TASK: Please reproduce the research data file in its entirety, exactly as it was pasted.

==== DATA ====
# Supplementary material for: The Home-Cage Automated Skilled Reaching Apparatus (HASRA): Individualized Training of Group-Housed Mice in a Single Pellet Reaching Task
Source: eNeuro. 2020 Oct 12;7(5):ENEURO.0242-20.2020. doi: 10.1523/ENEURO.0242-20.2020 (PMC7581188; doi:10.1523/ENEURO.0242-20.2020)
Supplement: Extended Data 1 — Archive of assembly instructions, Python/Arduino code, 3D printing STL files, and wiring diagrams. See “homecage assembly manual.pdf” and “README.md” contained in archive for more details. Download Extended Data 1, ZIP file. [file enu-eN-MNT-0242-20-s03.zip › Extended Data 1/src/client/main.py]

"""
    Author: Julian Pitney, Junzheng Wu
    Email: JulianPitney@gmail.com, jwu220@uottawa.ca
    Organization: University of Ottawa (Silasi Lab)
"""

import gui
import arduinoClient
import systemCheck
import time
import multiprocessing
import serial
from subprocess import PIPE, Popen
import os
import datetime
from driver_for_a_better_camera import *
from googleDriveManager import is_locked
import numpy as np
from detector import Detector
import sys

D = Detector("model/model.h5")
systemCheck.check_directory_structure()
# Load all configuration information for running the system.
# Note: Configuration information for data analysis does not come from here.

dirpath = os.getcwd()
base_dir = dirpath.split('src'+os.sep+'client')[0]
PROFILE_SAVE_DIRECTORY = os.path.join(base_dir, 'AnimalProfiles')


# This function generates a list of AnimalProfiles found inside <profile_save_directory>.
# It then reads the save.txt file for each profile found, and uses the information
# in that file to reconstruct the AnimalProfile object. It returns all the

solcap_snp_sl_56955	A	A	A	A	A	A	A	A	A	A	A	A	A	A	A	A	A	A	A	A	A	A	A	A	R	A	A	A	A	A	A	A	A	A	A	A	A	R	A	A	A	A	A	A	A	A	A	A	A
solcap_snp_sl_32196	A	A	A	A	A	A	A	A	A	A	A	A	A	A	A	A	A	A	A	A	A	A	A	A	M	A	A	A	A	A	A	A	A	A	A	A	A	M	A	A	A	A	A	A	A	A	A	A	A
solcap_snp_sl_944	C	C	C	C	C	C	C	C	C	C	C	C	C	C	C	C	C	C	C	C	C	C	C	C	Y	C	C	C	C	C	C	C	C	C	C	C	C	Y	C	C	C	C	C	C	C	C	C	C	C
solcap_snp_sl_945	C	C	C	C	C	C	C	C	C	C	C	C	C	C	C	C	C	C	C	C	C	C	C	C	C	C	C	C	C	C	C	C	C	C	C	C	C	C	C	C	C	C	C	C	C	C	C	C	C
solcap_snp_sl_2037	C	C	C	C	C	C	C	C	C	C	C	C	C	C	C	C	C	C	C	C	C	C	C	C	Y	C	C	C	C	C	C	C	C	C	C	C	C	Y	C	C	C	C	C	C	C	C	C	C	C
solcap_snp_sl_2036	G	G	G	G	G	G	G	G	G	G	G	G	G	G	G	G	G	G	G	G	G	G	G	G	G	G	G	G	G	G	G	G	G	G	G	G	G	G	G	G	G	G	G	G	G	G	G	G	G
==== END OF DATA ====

# Supplementary material for: The Home-Cage Automated Skilled Reaching Apparatus (HASRA): Individualized Training of Group-Housed Mice in a Single Pellet Reaching Task
Source: eNeuro. 2020 Oct 12;7(5):ENEURO.0242-20.2020. doi: 10.1523/ENEURO.0242-20.2020 (PMC7581188; doi:10.1523/ENEURO.0242-20.2020)
Supplement: Extended Data 1 — Archive of assembly instructions, Python/Arduino code, 3D printing STL files, and wiring diagrams. See “homecage assembly manual.pdf” and “README.md” contained in archive for more details. Download Extended Data 1, ZIP file. [file enu-eN-MNT-0242-20-s03.zip › Extended Data 1/src/client/main.py]

"""
    Author: Julian Pitney, Junzheng Wu
    Email: JulianPitney@gmail.com, jwu220@uottawa.ca
    Organization: University of Ottawa (Silasi Lab)
"""

import gui
import arduinoClient
import systemCheck
import time
import multiprocessing
import serial
from subprocess import PIPE, Popen
import os
import datetime
from driver_for_a_better_camera import *
from googleDriveManager import is_locked
import numpy as np
from detector import Detector
import sys

D = Detector("model/model.h5")
systemCheck.check_directory_structure()
# Load all configuration information for running the system.
# Note: Configuration information for data analysis does not come from here.

dirpath = os.getcwd()
base_dir = dirpath.split('src'+os.sep+'client')[0]
PROFILE_SAVE_DIRECTORY = os.path.join(base_dir, 'AnimalProfiles')


# This function generates a list of AnimalProfiles found inside <profile_save_directory>.
# It then reads the save.txt file for each profile found, and uses the information
# in that file to reconstruct the AnimalProfile object. It returns all the

solcap_snp_sl_56955	A	A	A	A	A	A	A	A	A	A	A	A	A	A	A	A	A	A	A	A	A	A	A	A	R	A	A	A	A	A	A	A	A	A	A	A	A	R	A	A	A	A	A	A	A	A	A	A	A
solcap_snp_sl_32196	A	A	A	A	A	A	A	A	A	A	A	A	A	A	A	A	A	A	A	A	A	A	A	A	M	A	A	A	A	A	A	A	A	A	A	A	A	M	A	A	A	A	A	A	A	A	A	A	A
solcap_snp_sl_944	C	C	C	C	C	C	C	C	C	C	C	C	C	C	C	C	C	C	C	C	C	C	C	C	Y	C	C	C	C	C	C	C	C	C	C	C	C	Y	C	C	C	C	C	C	C	C	C	C	C
solcap_snp_sl_945	C	C	C	C	C	C	C	C	C	C	C	C	C	C	C	C	C	C	C	C	C	C	C	C	C	C	C	C	C	C	C	C	C	C	C	C	C	C	C	C	C	C	C	C	C	C	C	C	C
solcap_snp_sl_2037	C	C	C	C	C	C	C	C	C	C	C	C	C	C	C	C	C	C	C	C	C	C	C	C	Y	C	C	C	C	C	C	C	C	C	C	C	C	Y	C	C	C	C	C	C	C	C	C	C	C
solcap_snp_sl_2036	G	G	G	G	G	G	G	G	G	G	G	G	G	G	G	G	G	G	G	G	G	G	G	G	G	G	G	G	G	G	G	G	G	G	G	G	G	G	G	G	G	G	G	G	G	G	G	G	G